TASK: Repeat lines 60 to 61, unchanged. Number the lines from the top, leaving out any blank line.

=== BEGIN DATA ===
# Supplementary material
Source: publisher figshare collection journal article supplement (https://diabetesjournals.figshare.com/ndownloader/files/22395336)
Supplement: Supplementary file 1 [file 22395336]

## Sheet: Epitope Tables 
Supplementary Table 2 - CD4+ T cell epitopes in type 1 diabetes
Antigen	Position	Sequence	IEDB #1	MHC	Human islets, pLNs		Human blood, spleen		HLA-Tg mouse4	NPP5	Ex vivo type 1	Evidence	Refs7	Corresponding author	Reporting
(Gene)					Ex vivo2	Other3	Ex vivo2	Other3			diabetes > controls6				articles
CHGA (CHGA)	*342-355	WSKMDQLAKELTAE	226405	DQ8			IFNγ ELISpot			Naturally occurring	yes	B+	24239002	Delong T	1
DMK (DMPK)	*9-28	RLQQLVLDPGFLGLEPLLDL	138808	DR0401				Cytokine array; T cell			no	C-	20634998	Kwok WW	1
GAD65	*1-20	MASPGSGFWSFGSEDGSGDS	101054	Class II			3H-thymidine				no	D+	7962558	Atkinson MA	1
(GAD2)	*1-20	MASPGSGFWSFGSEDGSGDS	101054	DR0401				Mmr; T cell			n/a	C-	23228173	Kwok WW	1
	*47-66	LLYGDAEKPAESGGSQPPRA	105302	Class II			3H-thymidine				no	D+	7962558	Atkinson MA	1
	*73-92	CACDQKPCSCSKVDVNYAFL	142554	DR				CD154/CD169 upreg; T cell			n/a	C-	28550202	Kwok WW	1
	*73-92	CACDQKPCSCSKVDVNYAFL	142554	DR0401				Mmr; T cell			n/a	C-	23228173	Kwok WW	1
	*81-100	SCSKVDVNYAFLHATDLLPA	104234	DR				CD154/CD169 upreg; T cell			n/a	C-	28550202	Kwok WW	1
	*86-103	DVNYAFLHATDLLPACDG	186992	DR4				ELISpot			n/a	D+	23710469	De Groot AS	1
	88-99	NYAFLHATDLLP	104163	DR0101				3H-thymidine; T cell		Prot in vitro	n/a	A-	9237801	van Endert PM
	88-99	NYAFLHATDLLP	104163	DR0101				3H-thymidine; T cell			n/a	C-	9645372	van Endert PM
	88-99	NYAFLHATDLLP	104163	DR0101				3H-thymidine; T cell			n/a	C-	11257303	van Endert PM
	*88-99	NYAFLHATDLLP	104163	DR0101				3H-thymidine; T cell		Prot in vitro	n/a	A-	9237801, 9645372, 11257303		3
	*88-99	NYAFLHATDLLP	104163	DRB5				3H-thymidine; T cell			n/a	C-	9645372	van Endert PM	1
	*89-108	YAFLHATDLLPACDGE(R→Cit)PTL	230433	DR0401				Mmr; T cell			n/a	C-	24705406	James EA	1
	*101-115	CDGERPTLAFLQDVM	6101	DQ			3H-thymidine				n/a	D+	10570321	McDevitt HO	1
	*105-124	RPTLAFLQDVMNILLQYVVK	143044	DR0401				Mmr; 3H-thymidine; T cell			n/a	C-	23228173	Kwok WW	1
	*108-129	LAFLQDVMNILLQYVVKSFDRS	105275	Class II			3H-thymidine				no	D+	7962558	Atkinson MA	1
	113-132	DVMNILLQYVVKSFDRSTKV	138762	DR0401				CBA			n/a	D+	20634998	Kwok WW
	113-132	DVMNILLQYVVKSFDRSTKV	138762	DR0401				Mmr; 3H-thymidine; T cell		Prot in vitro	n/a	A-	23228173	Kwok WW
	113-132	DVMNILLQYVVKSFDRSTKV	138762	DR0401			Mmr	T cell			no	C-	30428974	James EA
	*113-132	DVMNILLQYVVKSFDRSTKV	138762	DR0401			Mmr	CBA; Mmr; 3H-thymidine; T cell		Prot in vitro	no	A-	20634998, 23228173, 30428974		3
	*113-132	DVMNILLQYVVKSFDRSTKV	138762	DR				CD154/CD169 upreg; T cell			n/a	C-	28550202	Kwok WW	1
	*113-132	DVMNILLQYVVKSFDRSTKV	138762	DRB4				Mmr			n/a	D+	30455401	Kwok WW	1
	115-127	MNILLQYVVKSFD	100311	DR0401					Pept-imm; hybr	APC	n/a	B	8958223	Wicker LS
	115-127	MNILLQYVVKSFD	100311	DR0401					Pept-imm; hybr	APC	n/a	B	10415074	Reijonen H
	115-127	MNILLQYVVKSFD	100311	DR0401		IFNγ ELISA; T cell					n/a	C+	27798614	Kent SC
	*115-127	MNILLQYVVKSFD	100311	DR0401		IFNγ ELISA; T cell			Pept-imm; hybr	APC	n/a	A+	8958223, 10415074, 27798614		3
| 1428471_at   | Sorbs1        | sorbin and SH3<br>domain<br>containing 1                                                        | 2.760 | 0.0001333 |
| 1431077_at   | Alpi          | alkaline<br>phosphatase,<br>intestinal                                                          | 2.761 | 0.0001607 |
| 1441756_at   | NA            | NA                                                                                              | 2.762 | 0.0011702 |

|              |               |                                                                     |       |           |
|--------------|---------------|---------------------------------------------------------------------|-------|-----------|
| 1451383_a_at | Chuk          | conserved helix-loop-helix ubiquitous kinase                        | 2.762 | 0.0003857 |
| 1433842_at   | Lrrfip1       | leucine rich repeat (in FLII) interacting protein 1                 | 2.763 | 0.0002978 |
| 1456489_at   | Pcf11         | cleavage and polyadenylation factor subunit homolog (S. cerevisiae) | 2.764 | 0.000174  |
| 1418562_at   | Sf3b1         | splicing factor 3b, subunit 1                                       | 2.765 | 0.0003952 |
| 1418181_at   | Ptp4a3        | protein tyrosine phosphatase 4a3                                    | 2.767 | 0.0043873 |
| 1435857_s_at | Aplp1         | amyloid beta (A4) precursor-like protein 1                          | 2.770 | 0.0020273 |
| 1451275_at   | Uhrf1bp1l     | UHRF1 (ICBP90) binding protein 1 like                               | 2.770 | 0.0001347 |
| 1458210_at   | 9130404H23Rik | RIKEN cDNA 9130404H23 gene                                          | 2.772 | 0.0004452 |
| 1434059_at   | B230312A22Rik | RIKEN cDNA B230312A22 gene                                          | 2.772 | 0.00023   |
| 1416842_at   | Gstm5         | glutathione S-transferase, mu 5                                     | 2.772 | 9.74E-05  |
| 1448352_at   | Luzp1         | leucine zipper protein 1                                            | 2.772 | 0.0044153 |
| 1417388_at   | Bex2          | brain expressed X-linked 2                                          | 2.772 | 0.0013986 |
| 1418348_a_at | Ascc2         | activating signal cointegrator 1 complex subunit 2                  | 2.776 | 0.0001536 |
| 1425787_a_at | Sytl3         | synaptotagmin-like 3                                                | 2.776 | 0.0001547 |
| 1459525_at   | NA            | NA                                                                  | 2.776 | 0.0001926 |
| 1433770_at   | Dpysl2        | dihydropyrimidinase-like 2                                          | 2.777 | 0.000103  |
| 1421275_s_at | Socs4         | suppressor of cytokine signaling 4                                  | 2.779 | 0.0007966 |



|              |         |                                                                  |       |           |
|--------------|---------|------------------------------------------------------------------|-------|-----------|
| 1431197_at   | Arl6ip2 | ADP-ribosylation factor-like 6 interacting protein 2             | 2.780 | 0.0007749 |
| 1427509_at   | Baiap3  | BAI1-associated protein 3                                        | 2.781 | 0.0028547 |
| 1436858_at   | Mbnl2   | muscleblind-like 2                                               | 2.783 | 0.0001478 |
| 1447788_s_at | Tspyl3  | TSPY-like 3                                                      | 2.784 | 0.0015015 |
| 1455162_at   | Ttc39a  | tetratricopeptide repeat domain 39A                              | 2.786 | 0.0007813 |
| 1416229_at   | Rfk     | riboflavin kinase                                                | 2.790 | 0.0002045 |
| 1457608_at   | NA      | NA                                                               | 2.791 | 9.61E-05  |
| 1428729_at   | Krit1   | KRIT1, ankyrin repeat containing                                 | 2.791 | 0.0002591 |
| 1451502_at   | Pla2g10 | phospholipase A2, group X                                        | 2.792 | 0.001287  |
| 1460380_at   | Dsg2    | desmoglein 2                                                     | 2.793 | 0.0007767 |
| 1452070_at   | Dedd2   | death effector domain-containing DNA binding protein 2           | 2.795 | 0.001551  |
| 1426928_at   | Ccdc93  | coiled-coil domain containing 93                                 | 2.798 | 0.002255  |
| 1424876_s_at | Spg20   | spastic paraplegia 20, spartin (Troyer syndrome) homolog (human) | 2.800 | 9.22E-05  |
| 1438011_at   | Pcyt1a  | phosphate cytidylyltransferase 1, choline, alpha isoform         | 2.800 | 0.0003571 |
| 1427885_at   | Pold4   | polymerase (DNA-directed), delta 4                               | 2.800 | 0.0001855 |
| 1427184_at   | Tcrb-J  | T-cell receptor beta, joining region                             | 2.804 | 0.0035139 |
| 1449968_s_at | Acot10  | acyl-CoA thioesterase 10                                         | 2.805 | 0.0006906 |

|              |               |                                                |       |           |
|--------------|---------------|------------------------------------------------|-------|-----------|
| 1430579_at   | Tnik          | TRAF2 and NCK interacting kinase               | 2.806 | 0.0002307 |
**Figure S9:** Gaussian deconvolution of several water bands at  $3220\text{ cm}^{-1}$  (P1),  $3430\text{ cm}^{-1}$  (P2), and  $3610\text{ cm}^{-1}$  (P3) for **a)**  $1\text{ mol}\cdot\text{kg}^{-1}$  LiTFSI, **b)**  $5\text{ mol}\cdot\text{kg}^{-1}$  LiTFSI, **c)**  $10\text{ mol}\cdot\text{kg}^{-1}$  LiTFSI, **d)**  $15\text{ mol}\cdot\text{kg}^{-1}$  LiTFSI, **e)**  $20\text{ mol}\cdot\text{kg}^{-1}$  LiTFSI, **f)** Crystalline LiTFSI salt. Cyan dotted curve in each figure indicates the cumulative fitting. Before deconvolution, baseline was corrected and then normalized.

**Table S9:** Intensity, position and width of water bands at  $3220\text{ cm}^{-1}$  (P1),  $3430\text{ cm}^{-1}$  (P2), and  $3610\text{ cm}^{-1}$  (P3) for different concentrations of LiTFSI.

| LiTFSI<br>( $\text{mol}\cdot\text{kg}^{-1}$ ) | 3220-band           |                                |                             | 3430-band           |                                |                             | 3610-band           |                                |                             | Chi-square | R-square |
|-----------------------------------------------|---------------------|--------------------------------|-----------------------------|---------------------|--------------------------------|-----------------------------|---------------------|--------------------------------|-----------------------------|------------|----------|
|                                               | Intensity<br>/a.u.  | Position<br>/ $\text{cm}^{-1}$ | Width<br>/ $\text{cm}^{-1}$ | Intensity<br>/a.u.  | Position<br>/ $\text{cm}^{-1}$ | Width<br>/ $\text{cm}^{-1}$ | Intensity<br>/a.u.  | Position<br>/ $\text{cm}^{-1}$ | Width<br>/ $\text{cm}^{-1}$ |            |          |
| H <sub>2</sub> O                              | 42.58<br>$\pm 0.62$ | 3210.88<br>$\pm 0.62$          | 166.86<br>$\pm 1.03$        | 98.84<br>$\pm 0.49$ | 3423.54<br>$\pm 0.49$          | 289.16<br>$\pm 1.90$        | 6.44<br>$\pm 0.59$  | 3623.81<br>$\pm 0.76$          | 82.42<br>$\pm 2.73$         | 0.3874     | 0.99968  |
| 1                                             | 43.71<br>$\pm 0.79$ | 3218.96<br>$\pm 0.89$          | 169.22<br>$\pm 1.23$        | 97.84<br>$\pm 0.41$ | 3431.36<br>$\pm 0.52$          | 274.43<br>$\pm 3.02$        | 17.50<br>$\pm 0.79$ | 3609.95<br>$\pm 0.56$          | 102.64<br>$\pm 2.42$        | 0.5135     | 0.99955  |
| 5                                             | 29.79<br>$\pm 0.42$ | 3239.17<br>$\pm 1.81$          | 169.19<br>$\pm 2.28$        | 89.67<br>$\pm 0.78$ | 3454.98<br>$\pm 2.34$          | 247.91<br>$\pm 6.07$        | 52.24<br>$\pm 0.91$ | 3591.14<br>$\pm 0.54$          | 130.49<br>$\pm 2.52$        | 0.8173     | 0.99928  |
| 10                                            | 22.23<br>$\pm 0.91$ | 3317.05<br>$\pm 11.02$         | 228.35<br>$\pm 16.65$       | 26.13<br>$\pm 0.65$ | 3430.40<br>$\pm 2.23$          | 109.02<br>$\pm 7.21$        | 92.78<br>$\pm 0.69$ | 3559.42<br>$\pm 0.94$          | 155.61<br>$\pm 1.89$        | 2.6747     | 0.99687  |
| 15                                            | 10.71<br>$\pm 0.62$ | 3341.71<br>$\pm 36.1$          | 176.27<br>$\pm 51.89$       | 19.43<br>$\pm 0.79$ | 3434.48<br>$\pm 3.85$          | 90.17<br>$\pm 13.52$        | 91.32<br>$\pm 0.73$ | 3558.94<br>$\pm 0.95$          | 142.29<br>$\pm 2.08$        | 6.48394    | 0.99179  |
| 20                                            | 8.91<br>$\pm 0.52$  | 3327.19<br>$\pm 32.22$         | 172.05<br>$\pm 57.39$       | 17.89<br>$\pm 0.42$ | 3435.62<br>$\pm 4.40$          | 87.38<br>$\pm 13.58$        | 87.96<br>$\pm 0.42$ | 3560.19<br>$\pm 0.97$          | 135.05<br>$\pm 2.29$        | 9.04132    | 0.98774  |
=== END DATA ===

| 1431197_at   | Arl6ip2 | ADP-ribosylation factor-like 6 interacting protein 2             | 2.780 | 0.0007749 |
| 1427509_at   | Baiap3  | BAI1-associated protein 3                                        | 2.781 | 0.0028547 |